Do High Schools Even Care About Music Education?

Do High Schools Even Care About Music Education?

A Story by kataylor11
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My Persuasive Essay I wrote for Comp. 2(the 2nd time) with LOTS of help from Jenn

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Imagine you are in a high school music room. You look around and realize just how old everything is. You start thinking, "Does the school even care about this music room or even music in general? After all, the entire Athletic department just got new equipment when the old was still in perfect condition." In real life, this happens more often than you would think. I have seen this happen myself. Most high school music programs do not have large enough budgets to make sure their students earn every benefit that they can from music. The programs instead have to focus on making sure their students acquire the basics of learning and performing written music, when they could focus more on the complex and individual aspects. Most American high school boards focus on what their school has proven works in a high school education and overlook what can give their students a more extensive education. American high school boards would benefit from giving their music programs larger budgets. Some benefits include learning important life skills and scoring better on exams. If the high school boards could understand how the benefits of a comprehensive music program outweigh the cost of a larger budget, then the might slowly begin to expand their music programs. According to a study by Mark Fermanich, the cost of a comprehensive music education is on average $143 per high school student for the entire year (par. 5). The study was ".... focused on a school district, which served over 70,000 students during the 2009-2010 school year. The district includes urban, suburban and rural schools with a total district budget of $853 million. From that $13.9 million was allocated to music education representing 1.6% percent of total district expenditures" (par. 3). If a school district can provide a comprehensive K-12 music education program with only 1.6% of their total district expenditures, why are not more school district doing so. How can they use the amount of funding they are provided as an excuse, when a comprehensive K-12 music education program can be provided with such a little percentage?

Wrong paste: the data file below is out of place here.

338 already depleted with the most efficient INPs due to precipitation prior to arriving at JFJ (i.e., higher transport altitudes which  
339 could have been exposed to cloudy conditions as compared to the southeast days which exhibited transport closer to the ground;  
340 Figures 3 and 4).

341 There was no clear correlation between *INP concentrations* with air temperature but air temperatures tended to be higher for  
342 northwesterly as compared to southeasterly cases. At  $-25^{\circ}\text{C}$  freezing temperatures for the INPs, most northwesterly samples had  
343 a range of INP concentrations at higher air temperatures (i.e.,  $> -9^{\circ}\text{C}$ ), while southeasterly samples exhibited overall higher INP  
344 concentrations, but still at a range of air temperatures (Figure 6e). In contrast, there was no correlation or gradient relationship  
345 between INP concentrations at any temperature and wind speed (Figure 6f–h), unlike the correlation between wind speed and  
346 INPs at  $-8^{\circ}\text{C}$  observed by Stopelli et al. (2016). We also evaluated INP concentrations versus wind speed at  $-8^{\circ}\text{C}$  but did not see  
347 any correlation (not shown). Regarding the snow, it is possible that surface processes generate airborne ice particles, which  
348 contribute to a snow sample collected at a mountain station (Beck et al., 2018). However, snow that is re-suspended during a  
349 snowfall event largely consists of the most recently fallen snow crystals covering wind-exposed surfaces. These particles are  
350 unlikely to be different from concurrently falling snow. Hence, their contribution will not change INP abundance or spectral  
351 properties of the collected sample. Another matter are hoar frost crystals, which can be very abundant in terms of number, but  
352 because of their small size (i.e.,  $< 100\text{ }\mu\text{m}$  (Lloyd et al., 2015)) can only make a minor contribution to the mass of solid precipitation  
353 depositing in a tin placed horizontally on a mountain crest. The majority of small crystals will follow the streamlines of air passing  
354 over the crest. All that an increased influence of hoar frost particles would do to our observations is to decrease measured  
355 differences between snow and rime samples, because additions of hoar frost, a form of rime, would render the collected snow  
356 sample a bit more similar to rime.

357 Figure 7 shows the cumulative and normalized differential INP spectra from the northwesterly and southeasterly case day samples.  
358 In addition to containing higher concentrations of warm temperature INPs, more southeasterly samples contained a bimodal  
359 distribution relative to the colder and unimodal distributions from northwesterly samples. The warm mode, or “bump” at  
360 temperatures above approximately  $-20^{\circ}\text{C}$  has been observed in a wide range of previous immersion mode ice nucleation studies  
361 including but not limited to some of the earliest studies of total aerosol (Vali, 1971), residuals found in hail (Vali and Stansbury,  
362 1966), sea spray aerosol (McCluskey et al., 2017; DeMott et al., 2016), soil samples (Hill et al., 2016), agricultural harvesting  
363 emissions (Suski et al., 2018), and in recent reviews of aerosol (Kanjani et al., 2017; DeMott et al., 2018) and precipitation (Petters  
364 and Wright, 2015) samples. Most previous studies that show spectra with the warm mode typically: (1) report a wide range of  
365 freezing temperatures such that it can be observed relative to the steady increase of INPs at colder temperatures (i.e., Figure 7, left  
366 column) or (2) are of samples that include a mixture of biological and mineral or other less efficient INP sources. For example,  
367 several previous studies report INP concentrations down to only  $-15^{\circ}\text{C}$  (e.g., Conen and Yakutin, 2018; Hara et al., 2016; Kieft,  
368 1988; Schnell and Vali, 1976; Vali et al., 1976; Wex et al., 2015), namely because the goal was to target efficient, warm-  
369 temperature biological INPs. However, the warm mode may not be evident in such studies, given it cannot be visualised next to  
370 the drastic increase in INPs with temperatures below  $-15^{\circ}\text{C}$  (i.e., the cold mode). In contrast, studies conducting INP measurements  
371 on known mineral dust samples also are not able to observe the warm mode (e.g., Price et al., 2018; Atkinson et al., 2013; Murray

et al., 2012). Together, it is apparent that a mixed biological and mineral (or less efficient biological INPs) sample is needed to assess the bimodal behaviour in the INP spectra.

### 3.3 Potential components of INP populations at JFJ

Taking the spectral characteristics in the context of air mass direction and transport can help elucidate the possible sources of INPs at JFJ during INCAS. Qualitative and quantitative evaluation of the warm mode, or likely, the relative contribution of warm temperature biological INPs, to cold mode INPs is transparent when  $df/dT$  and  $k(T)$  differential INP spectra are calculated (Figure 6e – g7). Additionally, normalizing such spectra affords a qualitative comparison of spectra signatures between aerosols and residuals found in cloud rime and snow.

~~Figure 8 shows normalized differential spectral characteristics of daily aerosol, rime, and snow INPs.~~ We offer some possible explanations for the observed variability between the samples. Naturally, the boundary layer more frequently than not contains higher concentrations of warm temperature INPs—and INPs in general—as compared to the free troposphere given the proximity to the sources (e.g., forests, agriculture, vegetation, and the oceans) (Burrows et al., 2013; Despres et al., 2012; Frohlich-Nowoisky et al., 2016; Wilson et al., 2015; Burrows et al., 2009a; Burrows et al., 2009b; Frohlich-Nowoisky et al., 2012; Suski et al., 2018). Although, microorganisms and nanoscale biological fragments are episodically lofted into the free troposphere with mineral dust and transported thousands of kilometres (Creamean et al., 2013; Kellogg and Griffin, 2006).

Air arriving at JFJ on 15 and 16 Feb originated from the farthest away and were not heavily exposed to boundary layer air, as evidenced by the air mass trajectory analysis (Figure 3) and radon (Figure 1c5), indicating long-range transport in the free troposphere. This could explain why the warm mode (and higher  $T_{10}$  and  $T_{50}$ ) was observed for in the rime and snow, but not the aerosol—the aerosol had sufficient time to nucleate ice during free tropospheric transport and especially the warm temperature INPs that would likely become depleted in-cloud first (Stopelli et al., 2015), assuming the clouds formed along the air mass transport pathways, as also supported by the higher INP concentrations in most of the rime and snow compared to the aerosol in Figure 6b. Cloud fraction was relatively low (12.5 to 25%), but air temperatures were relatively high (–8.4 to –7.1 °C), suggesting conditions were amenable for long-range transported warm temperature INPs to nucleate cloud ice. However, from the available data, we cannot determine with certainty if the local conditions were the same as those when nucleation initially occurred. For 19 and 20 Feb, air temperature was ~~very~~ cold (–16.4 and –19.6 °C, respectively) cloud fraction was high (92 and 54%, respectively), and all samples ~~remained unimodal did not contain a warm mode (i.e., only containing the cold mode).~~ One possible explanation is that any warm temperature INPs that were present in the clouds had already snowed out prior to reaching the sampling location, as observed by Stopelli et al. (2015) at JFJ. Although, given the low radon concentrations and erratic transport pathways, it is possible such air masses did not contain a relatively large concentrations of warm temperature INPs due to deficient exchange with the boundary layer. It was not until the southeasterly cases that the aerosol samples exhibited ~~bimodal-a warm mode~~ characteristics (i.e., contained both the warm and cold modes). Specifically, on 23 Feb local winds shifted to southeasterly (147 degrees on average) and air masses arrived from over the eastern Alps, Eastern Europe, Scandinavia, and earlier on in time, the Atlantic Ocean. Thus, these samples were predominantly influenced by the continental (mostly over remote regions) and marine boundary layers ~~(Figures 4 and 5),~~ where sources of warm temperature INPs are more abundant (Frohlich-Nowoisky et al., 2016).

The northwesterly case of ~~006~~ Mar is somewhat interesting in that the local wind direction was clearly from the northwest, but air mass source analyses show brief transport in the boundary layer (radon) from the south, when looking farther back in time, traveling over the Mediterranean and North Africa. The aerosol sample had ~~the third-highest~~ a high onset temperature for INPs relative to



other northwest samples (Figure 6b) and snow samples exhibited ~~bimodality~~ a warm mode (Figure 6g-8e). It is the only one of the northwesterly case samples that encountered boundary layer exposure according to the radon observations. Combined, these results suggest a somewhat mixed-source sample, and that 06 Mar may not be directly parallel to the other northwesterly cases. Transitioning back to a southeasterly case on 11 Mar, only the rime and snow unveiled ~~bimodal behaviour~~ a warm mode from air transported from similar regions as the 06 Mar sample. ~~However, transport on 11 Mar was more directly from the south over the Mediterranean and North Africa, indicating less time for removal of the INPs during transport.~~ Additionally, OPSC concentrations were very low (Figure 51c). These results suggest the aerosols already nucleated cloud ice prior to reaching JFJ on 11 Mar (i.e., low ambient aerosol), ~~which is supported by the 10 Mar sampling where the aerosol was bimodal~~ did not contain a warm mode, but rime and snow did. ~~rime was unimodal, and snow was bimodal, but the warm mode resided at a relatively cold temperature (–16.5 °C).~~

One benefit of having a comprehensive music program is learning important life skills. Figure 1, shown to the right, includes a quote Plato once said, “Music is a moral law. It gives soul to the universe, wings to the mind, flight to the imagination, and charm and gaiety to life and to everything.” Most of the information Plato was talking about can be learned in a high school music class. By talking a high school music class, a student is given a place to let their imagination and mind soar, while still learning other important life skills. Music students could learn these life skills in other classes and extracurricular activities, but they probably would not be able to let their imagination and mind soar. While this is fine by the standards of high school boards, I do not believe it should be.